Harvesting a Heat and Eat

I wonder where to draw the line with making parts of my dinner.

On one hand, you have a frozen dinner. All you do is heat and eat. It is barely in the realm of cooking. On the far extreme end, you raise your own cow, grow your own grain and have an extensive garden that you harvest on a daily basis for your dinner. Life for almost all of us is somewhere in between.

There are some things that I’ve given up doing myself in favor of ease of use:

  • Deboned chicken – Unless I want chicken on the bone, I buy the deboned stuff. Could I debone? Yes. Is it worth the aggravation to me? No.
  • Spices – For the most part, I buy dried, pre-ground spices. I refuse to buy dried cilantro and occasionally will get fresh rosemary, thyme, basil, oregano and parsley; I often use the dried kind.
  • Rice – Unless rice is going into the dish, or I need copious amounts of it, the 90 seconds in the microwave work just fine as a quick side dish.
  • Frozen vegetables – I am about 50/50 here. I prefer to buy fresh for anything that is part of a recipe, but if I am just throwing some into the steamer, flash frozen veggies are not too bad. I like to have a variety on hand so I can grab what sounds good for the dish at the time and not have to worry about spoilage.
  • Condiments – I don’t make my own condiments. Store bought ketchup, mayonnaise and mustard. OK, I’ve made Dijon once (more to try it out than anything).

One condiment often ends up getting made as part of a recipe versus being purchased outright – Teriyaki sauce. So many recipes have you make the teriyaki sauce when it is very easy (and generally just as good) to purchase it outright.

This recipe adds some apple juice to the recipe. My general preference is to sub in pineapple juice in its place if I have some.

Photo Dec 14, 4 59 31 PM

A nice juice piece of pork.

Photo Dec 14, 6 38 56 AM

A standard set of ingredients.

Photo Dec 14, 6 42 17 AM

Into the slow cooker.

Photo Dec 14, 4 59 27 PM


Teriyaki Pork Roast Recipe

Prep Time: 10 min | Cook Time: 7 hours  | Makes: 8 Servings | Difficulty: Easy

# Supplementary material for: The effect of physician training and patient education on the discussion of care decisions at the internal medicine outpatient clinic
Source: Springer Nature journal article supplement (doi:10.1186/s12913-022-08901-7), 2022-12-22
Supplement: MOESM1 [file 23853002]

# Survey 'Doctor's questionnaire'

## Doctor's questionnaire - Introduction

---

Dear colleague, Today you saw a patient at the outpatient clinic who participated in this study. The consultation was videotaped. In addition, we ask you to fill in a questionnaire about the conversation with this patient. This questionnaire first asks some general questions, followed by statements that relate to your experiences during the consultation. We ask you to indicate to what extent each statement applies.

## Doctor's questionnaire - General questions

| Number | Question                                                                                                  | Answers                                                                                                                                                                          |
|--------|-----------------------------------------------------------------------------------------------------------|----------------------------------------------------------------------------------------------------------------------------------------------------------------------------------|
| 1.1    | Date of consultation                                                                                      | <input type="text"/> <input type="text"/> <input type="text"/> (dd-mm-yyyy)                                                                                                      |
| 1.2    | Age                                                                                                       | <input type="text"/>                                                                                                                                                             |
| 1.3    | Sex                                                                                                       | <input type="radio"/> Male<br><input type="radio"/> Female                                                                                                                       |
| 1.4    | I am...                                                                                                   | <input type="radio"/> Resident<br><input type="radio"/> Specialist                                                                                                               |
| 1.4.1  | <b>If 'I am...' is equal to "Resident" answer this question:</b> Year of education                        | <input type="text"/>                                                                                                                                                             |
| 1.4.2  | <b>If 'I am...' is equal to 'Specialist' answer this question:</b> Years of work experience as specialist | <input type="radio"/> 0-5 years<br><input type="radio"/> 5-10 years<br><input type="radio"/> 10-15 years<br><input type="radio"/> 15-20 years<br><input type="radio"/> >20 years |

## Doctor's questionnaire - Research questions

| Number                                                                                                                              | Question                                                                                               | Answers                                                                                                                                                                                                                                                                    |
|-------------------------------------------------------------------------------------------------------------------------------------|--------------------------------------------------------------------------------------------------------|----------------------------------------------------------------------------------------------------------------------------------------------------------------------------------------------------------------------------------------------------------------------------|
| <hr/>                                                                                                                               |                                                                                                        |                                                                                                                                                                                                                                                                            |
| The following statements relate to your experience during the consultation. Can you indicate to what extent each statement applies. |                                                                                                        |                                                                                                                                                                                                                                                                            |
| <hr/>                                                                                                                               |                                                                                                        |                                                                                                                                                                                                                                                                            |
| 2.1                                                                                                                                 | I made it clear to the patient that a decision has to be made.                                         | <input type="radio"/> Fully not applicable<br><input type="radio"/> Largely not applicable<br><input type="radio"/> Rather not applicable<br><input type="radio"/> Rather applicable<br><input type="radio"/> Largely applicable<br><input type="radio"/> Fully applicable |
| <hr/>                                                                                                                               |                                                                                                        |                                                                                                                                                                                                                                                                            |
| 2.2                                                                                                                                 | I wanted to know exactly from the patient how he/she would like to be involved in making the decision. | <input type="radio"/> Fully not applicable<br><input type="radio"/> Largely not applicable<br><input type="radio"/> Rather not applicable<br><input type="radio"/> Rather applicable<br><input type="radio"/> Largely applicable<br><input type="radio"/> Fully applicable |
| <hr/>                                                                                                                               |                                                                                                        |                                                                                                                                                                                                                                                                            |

• 3/4 cup unsweetened apple juice
  • 2 tablespoons sugar
  • 2 tablespoons soy sauce
  • 1 tablespoon white vinegar
  • 1 teaspoon ground ginger
  • 1/4 teaspoon garlic powder
  • 1/8 teaspoon pepper
  • 1 boneless pork loin roast (about 3 pounds), halved
  • 7-1/2 teaspoons cornstarch
  • 3 tablespoons cold water


In a greased 3-qt. slow cooker, combine the first seven ingredients. Add roast and turn to coat. Cover and cook on low for 7-8 hours or until a meat thermometer reads 160°.

Remove meat to a serving platter; keep warm. Skim fat from cooking juices; transfer to a small saucepan. Bring liquid to a boil. Combine cornstarch and water until smooth. Gradually stir into the pan. Bring to a boil; cook and stir for 2 minutes or until thickened. Serve with meat. Yield: 8 servings.

Source: http://www.tasteofhome.com/recipes/Teriyaki-Pork-Roast

Tags: , , , , , , , , ,

Categories: Low Carb, Pork, Recipes, Slow Cooker

Author:The Ranting Chef

Check out the best recipes at rantingchef.com

4 Comments on “Harvesting a Heat and Eat”

  1. June 16, 2013 at 11:23 am #

    I’ve heard it argued that frozen vegetables are often better, especially out of season, as they are frozen at the peak of ripeness right after harvesting, as opposed to ‘fresh’ vegetables which are shipped from wherever and may lose nutrients in that process.


  2. June 16, 2013 at 4:46 pm #

    I like your idea of using pineapple juice.


  3. June 18, 2013 at 4:53 pm #

    The pineapple juice sounds like a good alternative — I’ve used the apple juice with pork and like it. I’m with you and all the make-everything-from-scratch stuff — there are just times when convenience outweighs it. Since it’s only my husband and myself here, the homemade stuff goes bad many times before we can eat it.


  4. June 18, 2013 at 4:56 pm #

    The pineapple juice sounds like a good alternative with pork! Homemade stuff is wonderful, but I have to agree with you that there are times when convenience outweighs it. With only my husband and myself here now, a lot of the homemade stuff goes bad before we can eat it.


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